Hovet: Oak. Mills OK'd new grades

Suspended AD/coach says school's administrators initiated eligibility change

February 18, 2004|By Rick Belz | Rick Belz,SUN STAFF

Ending a three-month silence, suspended Oakland Mills athletic director and football coach Ken Hovet said yesterday that administrators at the Howard County school initiated the grade change that led to an investigation that resulted in the Scorpions forfeiting seven football games.

"An administrator came to me [in August] and requested that I accept a player on the football team whose grades needed to be changed to make him eligible," Hovet said. "I said there is only so much you can do because he failed tech systems, and it's not offered during the summer, so he can't make it up. And the administrator said, `Then we need to talk to his teachers.' "

Hovet admits he talked to two teachers about changing grades, and doing the initial paperwork for one grade change.

Oakland Mills principal Marshall Peterson did not return phone calls yesterday, and an assistant principal, Tina Maddox, refused to comment.

Hovet declined to identify the administrators involved.

Tim Dahle, the technology teacher who left the school in June, told The Sun in November that Hovet contacted him in late August about whether the football player could make up the work and get the grade changed.

"I told him no," Dahle said. "He [Hovet] then told me that he had nothing to do with this, that Marshall [Peterson] told him to put the kid on the team."

Hovet is unhappy with how the investigation has unfolded. "It makes me feel bad having to defend myself in the paper, but people haven't stepped forward to take responsibility for their actions and I don't have any choice," Hovet said. He added: "My belief was that the investigation would bring out all the facts but it hasn't."

The Howard County school system placed Hovet on administrative leave with pay on Nov. 13. On Jan 12, Howard County school superintendent John R. O'Rourke said Hovet had been "relieved of his responsibilities" and put the 42-year-old coach on unpaid administrative leave, pending action by the Board of Education.

Hovet has accused central office personnel of violating on multiple occasions the Maryland Public Information Act that prohibits the release of confidential personnel information.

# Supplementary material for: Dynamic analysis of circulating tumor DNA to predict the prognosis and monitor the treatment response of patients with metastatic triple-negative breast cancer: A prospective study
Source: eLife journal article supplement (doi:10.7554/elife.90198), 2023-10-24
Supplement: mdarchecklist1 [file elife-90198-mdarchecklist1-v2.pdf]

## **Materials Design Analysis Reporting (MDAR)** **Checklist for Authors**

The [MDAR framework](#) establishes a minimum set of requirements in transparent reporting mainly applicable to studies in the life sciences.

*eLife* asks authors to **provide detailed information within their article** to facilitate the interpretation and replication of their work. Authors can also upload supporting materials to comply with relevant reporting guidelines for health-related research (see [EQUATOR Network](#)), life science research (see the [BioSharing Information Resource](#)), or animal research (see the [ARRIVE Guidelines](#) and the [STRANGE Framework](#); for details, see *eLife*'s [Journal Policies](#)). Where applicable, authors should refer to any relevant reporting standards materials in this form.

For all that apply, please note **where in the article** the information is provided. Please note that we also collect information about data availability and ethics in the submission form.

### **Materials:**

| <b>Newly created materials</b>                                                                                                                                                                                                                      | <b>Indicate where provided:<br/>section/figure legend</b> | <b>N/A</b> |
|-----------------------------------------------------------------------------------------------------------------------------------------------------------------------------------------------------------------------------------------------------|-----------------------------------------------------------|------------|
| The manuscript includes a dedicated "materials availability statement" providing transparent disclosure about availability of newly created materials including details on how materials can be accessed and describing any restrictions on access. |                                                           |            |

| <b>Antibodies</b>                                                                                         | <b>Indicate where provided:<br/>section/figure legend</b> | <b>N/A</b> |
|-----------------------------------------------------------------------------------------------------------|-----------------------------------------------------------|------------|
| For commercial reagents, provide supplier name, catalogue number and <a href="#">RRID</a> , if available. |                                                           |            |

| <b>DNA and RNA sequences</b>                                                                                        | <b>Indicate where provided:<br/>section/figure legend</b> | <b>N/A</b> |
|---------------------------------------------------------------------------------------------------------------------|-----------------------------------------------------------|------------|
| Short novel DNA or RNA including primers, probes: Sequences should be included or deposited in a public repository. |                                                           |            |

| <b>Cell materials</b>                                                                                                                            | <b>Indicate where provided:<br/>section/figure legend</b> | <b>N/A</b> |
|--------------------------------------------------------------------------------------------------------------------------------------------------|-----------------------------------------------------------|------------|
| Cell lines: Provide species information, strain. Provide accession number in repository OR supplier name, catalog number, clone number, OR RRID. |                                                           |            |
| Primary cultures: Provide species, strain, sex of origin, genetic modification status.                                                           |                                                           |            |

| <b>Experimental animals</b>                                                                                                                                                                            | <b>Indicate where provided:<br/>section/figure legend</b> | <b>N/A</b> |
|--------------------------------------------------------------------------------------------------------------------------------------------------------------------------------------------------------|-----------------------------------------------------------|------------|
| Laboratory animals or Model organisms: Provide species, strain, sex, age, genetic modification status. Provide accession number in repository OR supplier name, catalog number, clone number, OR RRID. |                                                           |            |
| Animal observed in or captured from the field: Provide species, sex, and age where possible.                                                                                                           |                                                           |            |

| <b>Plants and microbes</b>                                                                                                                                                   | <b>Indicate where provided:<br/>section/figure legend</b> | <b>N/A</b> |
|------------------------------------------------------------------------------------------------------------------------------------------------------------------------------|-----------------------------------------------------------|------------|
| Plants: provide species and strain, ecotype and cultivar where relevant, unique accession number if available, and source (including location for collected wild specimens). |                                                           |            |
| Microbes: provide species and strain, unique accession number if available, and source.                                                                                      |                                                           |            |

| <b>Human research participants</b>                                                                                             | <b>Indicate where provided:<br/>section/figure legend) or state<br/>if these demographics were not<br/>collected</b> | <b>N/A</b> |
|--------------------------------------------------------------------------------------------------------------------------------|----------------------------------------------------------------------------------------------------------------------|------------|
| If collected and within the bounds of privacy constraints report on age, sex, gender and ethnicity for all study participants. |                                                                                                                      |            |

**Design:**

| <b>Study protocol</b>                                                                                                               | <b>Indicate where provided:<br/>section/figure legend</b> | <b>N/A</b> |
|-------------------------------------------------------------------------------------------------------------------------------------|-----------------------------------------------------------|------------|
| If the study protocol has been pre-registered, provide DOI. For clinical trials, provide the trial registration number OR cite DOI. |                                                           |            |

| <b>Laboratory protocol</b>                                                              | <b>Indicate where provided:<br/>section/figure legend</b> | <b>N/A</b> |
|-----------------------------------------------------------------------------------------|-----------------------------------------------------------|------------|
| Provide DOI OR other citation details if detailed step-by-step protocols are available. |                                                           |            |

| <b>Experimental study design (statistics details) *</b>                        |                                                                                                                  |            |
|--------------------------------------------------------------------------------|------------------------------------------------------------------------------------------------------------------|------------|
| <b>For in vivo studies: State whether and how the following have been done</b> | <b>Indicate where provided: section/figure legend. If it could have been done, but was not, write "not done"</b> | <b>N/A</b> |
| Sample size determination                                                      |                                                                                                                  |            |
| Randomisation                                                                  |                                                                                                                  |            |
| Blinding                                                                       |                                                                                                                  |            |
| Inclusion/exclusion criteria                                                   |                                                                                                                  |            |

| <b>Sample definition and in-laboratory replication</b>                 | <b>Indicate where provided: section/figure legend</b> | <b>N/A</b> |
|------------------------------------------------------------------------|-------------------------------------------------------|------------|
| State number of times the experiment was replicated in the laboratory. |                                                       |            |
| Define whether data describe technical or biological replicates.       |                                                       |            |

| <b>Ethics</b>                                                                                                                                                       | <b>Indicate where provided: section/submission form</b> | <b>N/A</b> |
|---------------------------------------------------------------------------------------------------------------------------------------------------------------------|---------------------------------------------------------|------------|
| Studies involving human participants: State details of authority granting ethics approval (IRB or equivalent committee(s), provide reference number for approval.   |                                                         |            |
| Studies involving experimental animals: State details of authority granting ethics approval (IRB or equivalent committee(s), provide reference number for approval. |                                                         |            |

"The central office leaked information in violation of state law whenever it was convenient, and when it wasn't convenient to provide information, it hid behind the veil of confidentiality," Hovet said. "It also put a gag order on teachers and told players on the team not to talk to me or the press about the investigation."

Hovet, who taught social studies at the Columbia school, said he has been offered reinstatement to a classroom teaching job somewhere in the county system by this summer, but has rejected the offer.

"I'll only accept being reinstated to my teaching job immediately, and if it is not at Oakland Mills, then I'm not interested," said Hovet, who wants his back pay since Jan. 12. "If they are saying that I'm such a bad guy, then why are they offering me anything?"

Howard County school system attorney Mark Blom called the investigation comprehensive.

"We have not violated his rights regarding discipline decisions," Blom said yesterday. "A public employee's assignment is public information. It is regrettable that some people involved received adverse publicity, but dozens of families were affected by the forfeits because of the question of academic integrity, and the public deserves to know.

"Mr. Hovet had numerous opportunities to present his information and he can give the school system a written release allowing it to release information regarding his conduct if he wishes."

Said Hovet, who is an Oakland Mills graduate: "I don't think I've been treated fairly by the school system or the superintendent. Oakland Mills has no more loyal son than me. I tried to be a positive influence on the kids at Oakland Mills. How did I end up the only fall guy?"

Hovet denied any intent to enhance the football team's performance by placing the player on the team.

"We don't have to cheat in order to be successful in football at Oakland Mills," Hovet said. "The idea that we would cheat is against everything I've tried to teach kids in 20 years of coaching [11 as head coach]."

Hovet said he was told by Oakland Mills administrators that the purpose for him to change the student's grades and placing him on the team was to provide that student a setting in which he could learn discipline, teamwork and feel a part of the school. The student, a transfer from another county school who had never played football before, played sparingly in four games only after the score became lopsided, Hovet said.

A complaint by Dahle initiated the grade-change inquiry in early September. Dahle contacted associate superintendent Roger Plunkett, who told Dahle weeks later that the student was eligible. Dahle said he then contacted school board member Sandra French, who forwarded him to Blom.

On Nov. 13, two days before Oakland Mills was to play Dunbar in a Class 1A South region game, the season came crashing to an end for the Scorpions. The school system announced Oakland Mills had to forfeit its playoff game and all seven of its regular-season victories.

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